There’s something remarkably soft about walking through an old-growth temperate rainforest in the Pacific Northwest. Moss covers forest floors and giant fallen tree trunks like a plush blanket. Nutrient-rich soil, filled deep with decaying organic matter, feels like padding under each step. Even the wet bark of a red cedar feels like it could crumble inside hands if broken off and gently crushed.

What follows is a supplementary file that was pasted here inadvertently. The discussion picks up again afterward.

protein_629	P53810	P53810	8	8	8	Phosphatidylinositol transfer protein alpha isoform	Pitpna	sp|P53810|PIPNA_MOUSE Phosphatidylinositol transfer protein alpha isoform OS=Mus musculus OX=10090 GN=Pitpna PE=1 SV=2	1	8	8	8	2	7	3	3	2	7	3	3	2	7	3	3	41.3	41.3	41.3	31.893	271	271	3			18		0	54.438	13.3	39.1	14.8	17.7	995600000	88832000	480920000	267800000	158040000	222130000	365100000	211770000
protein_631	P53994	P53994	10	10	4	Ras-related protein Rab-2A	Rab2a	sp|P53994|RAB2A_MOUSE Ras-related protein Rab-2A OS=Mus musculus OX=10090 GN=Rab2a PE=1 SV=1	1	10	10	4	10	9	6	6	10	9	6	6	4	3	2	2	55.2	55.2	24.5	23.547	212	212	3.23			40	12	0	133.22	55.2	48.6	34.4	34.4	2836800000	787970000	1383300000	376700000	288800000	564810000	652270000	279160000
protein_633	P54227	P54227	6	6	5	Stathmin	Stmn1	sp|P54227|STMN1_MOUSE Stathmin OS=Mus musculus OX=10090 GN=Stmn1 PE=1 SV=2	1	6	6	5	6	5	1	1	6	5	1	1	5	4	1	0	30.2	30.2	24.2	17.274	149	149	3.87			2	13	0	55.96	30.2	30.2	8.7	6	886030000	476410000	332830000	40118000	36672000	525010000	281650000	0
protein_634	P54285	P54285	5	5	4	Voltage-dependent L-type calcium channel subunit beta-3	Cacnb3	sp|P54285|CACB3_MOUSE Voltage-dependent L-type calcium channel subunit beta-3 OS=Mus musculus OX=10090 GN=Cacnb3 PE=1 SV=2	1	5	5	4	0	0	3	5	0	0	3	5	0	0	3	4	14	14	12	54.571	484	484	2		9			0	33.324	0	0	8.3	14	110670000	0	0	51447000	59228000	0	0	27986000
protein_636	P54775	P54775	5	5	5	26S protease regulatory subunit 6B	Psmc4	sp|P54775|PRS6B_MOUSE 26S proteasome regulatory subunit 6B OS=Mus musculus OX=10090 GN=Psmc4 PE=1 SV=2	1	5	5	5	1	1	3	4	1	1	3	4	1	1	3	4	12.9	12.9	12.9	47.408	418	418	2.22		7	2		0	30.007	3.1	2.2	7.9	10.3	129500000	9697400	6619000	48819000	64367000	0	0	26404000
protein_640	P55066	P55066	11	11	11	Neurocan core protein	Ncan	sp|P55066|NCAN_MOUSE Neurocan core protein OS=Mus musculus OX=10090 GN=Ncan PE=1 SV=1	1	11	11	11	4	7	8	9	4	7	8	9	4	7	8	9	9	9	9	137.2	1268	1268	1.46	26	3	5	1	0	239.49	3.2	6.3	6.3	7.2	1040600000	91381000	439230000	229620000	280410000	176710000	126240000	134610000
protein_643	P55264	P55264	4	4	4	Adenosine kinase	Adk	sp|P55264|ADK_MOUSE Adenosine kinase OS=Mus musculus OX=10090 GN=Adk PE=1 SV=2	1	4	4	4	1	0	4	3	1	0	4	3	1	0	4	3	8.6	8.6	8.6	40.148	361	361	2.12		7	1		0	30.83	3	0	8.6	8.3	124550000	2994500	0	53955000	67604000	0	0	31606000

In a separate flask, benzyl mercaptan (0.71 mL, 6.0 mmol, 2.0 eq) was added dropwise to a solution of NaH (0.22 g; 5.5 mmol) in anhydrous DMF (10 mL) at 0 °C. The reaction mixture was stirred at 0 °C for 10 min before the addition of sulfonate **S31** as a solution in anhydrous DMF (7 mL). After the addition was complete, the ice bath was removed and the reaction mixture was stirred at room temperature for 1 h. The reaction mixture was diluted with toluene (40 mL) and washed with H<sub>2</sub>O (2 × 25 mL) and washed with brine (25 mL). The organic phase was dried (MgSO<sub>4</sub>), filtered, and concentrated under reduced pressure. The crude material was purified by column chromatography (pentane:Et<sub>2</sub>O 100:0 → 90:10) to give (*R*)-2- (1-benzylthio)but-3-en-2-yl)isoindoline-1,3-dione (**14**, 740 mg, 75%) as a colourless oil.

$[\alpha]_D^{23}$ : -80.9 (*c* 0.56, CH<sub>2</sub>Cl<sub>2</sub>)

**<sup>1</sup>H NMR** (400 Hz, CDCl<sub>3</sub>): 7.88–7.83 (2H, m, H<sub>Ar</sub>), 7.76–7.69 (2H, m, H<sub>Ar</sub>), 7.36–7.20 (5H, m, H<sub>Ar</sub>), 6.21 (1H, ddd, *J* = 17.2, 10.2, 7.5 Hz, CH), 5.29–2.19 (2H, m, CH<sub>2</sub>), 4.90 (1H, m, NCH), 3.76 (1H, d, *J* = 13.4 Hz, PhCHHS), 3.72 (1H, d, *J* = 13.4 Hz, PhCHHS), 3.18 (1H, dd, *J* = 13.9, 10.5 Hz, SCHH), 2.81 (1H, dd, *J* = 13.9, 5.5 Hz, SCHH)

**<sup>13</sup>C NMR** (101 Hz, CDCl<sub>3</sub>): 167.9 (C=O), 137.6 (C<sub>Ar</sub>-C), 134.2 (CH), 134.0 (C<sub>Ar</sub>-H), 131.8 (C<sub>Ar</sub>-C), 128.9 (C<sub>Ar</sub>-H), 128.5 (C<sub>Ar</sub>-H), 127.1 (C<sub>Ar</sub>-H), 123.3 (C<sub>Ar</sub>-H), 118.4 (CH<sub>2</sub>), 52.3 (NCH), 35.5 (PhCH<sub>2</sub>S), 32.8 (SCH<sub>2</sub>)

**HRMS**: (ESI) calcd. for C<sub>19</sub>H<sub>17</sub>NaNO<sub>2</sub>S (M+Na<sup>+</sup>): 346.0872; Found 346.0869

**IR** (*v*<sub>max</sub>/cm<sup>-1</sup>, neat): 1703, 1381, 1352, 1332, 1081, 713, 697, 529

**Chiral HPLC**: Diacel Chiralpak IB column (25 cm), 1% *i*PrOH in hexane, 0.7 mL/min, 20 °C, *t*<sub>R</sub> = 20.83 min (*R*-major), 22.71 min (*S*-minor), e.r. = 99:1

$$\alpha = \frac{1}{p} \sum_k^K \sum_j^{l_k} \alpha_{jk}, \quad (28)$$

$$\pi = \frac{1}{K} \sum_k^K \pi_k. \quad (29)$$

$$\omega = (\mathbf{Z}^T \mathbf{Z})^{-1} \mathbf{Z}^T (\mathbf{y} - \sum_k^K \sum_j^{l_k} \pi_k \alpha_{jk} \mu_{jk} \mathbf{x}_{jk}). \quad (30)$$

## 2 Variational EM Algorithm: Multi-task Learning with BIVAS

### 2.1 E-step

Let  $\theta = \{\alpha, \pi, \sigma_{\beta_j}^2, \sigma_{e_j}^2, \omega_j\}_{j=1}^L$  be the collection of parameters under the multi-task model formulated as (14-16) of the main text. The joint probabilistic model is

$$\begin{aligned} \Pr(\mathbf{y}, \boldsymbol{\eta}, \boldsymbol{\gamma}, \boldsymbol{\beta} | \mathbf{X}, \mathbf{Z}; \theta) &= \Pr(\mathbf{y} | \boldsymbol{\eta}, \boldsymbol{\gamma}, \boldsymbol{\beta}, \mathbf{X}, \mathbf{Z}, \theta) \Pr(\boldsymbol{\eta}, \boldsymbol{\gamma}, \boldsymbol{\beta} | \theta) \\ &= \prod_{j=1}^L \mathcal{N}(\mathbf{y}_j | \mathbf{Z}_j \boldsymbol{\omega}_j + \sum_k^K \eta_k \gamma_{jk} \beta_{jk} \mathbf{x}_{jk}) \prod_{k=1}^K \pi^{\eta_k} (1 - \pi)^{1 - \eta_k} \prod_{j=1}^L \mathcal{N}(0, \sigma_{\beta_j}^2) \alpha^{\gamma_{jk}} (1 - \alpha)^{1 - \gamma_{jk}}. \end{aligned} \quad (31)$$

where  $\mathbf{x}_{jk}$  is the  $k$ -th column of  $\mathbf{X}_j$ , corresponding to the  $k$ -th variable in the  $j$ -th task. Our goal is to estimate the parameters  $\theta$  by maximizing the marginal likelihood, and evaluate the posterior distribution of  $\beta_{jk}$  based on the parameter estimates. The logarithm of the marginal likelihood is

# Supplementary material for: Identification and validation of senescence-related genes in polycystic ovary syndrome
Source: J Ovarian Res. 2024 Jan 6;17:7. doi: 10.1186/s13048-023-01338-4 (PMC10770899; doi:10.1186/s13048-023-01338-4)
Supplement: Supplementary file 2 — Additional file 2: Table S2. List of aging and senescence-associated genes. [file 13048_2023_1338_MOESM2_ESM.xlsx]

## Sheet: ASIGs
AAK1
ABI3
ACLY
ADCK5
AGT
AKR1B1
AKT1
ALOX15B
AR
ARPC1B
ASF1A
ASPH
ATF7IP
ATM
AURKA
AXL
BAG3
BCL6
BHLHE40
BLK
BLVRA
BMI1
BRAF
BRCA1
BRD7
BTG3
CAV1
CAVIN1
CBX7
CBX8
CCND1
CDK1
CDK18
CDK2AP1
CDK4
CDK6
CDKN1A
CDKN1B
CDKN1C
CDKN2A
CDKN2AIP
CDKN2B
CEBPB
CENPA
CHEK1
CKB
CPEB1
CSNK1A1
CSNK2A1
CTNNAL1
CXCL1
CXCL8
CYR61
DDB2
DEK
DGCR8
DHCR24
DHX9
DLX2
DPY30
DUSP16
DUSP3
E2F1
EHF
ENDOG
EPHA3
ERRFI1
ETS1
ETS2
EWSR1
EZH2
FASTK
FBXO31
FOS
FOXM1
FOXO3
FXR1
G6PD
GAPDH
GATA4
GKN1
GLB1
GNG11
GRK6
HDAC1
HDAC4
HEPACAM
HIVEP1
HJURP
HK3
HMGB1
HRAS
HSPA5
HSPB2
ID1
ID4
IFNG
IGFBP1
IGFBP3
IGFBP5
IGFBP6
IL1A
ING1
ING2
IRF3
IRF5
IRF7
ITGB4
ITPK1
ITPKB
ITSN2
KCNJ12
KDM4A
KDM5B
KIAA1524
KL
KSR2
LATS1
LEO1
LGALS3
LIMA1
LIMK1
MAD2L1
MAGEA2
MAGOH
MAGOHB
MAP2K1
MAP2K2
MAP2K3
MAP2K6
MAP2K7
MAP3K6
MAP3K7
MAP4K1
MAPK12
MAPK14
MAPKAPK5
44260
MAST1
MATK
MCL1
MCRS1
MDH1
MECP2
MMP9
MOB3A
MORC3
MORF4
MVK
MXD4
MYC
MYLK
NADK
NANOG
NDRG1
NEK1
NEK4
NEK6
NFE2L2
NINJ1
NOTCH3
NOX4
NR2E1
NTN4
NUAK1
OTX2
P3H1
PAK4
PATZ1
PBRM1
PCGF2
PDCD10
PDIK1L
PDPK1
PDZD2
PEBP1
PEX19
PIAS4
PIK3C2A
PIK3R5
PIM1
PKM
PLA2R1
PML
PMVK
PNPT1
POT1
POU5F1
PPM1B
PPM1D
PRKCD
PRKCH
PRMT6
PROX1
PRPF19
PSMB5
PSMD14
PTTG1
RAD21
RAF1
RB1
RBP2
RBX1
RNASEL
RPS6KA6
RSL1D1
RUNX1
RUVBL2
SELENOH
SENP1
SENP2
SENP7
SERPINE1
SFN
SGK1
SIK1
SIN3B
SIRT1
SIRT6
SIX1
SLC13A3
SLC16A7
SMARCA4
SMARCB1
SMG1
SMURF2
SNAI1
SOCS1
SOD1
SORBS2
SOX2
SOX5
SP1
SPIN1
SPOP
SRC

As a hiker staring up 50 meters at a towering western hemlock in awe, one may wonder how industrial logging has pillaged these treasures so intensely. In the Pacific Northwest, 80 to 90 percent of primary forest has been clearcut or altered in some way.
Many of us unknowingly contribute to its downfall.
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